The challenge is urgent. For example, the global population with diabetes is expected to rise by 51%, from 463 million people (9.3%) to 700 million (10.9%) by 2045, primarily in cities and richer countries. We need more pilot projects to improve people's health behavior and better global best practice sharing about what works and what doesn't.

2. Accessible Care

Healthcare should be universally accessible, ensuring that no one is left behind. This includes providing care to the most vulnerable populations and those living in remote or underserved areas. From a population health perspective, low-level primary care is much more important than high-end specialized treatment for improving overall life expectancy. Many diseases can be effectively treated with low-cost medications, such as those for high blood pressure. Therefore, it is crucial to have accessible primary care to detect and treat many common health problems. Technology, such as AI, sensors, and tests, will be a great help in lowering costs and making care more accessible.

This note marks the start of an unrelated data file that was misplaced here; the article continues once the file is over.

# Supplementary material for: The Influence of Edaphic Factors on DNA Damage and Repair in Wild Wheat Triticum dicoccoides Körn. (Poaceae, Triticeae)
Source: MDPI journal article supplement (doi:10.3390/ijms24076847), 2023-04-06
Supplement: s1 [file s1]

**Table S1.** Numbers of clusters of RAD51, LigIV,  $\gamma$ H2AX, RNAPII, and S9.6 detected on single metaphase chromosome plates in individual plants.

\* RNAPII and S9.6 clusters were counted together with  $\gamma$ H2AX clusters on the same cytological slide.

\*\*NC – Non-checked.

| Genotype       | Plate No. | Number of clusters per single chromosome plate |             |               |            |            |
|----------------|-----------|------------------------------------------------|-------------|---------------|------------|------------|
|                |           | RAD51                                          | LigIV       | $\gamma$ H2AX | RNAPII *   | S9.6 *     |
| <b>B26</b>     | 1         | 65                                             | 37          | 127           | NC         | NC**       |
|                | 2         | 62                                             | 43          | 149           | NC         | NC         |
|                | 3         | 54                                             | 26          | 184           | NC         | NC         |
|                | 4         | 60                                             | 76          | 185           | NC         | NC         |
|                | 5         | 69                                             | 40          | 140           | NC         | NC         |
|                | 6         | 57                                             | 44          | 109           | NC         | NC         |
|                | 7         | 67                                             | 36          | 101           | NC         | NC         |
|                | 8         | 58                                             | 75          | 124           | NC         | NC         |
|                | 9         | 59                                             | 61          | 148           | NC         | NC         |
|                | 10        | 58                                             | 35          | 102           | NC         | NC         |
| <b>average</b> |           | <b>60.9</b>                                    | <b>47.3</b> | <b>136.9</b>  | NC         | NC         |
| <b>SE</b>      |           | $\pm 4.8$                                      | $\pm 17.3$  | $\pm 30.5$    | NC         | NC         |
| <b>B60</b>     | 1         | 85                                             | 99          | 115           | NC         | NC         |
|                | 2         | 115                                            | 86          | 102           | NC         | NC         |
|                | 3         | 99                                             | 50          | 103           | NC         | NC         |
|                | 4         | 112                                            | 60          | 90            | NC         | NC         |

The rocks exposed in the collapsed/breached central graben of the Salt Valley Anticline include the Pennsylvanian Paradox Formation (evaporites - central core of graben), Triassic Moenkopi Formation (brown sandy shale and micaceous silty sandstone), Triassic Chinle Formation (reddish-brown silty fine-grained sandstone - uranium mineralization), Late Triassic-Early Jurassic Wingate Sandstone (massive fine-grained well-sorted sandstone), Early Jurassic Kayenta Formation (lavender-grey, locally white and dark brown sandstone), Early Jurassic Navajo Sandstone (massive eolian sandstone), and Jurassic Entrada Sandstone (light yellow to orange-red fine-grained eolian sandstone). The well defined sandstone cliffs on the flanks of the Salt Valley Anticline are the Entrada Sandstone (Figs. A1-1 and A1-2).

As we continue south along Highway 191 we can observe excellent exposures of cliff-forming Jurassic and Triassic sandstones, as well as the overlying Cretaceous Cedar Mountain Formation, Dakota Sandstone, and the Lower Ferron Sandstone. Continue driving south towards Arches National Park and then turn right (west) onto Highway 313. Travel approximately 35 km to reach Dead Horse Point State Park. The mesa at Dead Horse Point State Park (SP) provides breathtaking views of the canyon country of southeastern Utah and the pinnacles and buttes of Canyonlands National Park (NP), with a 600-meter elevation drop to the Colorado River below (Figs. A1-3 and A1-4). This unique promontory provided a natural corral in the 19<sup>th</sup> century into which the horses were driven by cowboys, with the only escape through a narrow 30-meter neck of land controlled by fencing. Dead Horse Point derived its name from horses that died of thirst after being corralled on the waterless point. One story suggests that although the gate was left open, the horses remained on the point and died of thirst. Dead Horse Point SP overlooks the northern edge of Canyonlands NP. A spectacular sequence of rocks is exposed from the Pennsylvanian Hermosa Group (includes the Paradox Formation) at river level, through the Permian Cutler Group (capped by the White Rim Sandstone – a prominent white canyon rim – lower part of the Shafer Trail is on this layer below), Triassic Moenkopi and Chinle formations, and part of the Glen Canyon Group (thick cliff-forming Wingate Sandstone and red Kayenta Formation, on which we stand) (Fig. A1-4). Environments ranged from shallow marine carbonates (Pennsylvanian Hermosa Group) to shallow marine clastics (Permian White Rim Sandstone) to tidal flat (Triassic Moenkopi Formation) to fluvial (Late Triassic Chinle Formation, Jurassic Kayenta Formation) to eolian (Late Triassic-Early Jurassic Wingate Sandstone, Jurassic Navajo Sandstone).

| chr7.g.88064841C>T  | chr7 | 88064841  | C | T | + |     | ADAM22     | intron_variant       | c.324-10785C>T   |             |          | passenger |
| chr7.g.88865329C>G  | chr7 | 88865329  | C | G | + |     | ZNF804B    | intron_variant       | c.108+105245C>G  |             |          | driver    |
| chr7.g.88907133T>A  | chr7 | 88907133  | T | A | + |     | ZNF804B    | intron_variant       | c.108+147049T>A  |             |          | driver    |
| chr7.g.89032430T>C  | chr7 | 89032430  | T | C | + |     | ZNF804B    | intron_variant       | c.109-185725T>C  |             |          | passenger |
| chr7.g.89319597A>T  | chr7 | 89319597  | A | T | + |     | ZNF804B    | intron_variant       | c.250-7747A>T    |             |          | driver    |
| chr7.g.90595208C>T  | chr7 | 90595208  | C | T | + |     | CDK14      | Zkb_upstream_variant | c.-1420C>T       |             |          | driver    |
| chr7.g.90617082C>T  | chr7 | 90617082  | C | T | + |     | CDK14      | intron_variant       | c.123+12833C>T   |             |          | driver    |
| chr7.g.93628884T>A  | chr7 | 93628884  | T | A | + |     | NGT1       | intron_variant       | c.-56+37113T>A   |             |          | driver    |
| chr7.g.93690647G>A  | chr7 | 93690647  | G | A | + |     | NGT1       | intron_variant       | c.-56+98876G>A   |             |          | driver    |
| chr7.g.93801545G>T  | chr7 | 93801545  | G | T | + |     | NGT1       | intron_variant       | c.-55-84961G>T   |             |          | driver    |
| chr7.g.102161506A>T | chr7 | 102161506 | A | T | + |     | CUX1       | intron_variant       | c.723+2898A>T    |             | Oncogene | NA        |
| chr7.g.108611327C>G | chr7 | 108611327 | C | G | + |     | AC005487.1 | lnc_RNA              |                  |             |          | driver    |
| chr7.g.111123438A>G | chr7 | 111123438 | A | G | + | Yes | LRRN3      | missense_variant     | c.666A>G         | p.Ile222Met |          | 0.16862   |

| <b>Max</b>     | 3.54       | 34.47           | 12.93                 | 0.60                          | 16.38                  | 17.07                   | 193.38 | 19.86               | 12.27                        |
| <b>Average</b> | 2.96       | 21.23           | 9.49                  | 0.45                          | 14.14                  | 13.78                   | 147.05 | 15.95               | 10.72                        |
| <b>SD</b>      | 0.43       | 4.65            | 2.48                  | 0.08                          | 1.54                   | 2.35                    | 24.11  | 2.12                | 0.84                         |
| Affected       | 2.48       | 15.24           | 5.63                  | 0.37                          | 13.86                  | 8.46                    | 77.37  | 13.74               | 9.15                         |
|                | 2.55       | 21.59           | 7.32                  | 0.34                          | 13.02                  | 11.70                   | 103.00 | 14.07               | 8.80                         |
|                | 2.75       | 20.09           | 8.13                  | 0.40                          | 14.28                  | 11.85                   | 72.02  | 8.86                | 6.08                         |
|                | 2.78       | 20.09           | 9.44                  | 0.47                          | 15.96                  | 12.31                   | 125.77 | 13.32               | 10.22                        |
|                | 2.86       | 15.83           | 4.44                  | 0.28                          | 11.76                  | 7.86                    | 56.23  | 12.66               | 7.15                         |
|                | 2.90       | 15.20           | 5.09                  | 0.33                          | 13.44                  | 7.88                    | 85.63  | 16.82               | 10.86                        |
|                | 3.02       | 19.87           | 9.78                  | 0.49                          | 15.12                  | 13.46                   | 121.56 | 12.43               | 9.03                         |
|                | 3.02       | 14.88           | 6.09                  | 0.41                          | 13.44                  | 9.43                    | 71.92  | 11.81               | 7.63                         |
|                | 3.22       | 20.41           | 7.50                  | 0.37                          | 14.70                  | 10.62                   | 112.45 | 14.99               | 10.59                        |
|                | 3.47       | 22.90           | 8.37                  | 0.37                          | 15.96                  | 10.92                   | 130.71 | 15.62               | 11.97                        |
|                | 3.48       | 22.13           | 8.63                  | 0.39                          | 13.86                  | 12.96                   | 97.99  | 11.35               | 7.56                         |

3. Affordable Care